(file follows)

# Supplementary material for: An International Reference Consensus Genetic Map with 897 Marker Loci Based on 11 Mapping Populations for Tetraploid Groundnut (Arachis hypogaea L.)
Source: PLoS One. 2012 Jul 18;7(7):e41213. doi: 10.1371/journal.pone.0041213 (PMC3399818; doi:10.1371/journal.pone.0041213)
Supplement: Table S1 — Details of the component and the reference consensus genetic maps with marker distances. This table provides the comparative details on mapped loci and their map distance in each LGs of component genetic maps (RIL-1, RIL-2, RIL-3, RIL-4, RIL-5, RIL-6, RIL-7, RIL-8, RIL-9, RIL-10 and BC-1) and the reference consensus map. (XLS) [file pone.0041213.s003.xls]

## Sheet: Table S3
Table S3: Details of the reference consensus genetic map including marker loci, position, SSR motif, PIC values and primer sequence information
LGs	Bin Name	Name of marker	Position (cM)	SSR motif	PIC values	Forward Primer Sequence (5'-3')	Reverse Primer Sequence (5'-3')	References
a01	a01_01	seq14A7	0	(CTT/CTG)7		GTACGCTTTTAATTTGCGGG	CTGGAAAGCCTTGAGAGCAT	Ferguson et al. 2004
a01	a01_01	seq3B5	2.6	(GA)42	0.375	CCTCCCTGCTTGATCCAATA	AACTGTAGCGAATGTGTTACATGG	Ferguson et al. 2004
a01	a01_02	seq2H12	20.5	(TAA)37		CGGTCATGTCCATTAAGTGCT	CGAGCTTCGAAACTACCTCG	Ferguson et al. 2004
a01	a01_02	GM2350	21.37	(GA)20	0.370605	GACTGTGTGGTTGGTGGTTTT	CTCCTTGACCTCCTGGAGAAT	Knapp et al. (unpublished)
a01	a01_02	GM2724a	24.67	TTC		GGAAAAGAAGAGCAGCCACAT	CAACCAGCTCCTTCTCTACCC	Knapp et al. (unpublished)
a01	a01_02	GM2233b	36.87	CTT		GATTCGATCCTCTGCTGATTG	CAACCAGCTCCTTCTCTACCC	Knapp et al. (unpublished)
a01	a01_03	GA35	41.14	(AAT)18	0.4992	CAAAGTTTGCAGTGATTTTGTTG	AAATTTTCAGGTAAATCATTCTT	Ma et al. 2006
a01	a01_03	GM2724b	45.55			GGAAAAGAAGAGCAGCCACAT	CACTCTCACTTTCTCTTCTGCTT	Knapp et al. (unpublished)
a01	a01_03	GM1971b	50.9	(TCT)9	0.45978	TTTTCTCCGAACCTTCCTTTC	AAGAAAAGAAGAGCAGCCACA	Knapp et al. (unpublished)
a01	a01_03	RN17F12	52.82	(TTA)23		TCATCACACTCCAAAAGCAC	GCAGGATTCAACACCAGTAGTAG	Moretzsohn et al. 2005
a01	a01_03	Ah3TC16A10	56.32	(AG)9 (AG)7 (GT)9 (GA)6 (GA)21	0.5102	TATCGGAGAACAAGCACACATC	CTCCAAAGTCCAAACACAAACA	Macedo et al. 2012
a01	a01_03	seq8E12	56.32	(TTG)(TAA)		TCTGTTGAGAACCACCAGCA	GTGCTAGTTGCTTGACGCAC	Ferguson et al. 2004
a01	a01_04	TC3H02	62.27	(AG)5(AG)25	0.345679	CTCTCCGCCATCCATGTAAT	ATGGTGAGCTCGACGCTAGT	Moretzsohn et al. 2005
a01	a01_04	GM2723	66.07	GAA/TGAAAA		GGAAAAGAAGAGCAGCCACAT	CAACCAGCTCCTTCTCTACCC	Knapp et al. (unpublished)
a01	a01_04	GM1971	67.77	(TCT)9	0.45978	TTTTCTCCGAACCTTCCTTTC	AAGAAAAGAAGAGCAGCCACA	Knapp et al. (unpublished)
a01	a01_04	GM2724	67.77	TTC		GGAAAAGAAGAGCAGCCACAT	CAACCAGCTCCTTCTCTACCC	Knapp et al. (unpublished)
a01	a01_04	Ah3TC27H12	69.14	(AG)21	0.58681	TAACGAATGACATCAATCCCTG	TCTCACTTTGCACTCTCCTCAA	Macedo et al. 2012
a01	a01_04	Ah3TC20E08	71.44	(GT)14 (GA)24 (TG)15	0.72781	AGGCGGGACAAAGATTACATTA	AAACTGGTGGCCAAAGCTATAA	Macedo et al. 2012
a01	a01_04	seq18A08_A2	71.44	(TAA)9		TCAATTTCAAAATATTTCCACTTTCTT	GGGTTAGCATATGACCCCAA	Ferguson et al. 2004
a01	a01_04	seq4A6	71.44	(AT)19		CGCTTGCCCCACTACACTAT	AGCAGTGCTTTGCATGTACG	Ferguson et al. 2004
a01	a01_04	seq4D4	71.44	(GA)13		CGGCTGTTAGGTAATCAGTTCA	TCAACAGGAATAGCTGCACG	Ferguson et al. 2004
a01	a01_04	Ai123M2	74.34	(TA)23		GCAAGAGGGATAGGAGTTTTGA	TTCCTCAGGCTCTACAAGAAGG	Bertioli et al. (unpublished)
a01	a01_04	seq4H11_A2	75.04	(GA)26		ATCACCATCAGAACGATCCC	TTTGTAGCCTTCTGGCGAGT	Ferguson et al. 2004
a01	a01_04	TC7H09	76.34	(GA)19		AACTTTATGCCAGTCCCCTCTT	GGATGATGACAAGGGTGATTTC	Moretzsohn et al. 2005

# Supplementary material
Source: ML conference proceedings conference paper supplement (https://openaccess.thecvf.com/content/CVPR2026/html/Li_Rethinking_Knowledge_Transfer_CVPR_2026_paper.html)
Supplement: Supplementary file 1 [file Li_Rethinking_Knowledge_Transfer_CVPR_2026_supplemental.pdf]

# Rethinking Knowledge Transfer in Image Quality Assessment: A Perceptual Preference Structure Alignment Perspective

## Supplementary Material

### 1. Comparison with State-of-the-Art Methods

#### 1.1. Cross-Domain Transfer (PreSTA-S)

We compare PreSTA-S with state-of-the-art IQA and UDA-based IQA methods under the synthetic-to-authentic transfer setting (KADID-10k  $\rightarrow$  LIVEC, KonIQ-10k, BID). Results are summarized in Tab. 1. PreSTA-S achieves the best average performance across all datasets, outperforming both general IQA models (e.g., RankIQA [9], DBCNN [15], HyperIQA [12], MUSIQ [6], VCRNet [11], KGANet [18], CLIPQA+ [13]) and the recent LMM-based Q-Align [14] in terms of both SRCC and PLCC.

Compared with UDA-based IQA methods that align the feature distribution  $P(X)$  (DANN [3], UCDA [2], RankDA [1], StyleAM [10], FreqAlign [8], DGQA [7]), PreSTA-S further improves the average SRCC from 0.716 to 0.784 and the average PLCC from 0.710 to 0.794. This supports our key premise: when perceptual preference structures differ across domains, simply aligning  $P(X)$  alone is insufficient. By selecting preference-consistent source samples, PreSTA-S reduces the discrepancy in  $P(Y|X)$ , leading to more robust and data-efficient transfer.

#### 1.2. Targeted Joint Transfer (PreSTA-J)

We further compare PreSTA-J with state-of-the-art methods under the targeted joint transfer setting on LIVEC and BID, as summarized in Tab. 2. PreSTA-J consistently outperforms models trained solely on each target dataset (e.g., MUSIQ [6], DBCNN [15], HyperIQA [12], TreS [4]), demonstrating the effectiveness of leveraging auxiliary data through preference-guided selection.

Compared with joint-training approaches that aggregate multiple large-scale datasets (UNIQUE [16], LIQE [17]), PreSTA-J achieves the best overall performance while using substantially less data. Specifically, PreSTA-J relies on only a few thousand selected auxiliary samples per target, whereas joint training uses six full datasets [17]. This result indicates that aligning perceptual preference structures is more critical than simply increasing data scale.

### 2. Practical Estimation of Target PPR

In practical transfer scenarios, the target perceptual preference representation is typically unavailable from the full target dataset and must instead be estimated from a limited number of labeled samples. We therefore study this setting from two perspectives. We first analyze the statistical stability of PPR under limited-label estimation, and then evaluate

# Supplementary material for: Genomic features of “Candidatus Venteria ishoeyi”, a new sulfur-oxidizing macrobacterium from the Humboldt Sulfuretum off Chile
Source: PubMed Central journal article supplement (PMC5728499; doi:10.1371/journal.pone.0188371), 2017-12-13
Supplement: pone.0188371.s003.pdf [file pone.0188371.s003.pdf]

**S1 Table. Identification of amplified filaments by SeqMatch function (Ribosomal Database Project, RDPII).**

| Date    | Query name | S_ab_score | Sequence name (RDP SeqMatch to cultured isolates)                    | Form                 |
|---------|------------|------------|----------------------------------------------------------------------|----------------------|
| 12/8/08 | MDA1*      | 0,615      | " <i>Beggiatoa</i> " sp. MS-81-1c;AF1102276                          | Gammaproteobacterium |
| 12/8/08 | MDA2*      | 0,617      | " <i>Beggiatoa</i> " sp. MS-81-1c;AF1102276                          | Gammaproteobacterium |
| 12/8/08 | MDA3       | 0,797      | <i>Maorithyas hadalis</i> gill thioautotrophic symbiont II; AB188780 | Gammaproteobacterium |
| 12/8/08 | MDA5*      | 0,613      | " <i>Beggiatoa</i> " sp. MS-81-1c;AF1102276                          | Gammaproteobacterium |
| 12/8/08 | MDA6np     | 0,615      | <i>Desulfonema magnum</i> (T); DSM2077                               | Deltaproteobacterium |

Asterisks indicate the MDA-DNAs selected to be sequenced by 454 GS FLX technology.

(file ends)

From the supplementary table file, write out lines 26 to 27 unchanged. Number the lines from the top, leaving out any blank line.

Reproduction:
a01	a01_04	seq4A6	71.44	(AT)19		CGCTTGCCCCACTACACTAT	AGCAGTGCTTTGCATGTACG	Ferguson et al. 2004
a01	a01_04	seq4D4	71.44	(GA)13		CGGCTGTTAGGTAATCAGTTCA	TCAACAGGAATAGCTGCACG	Ferguson et al. 2004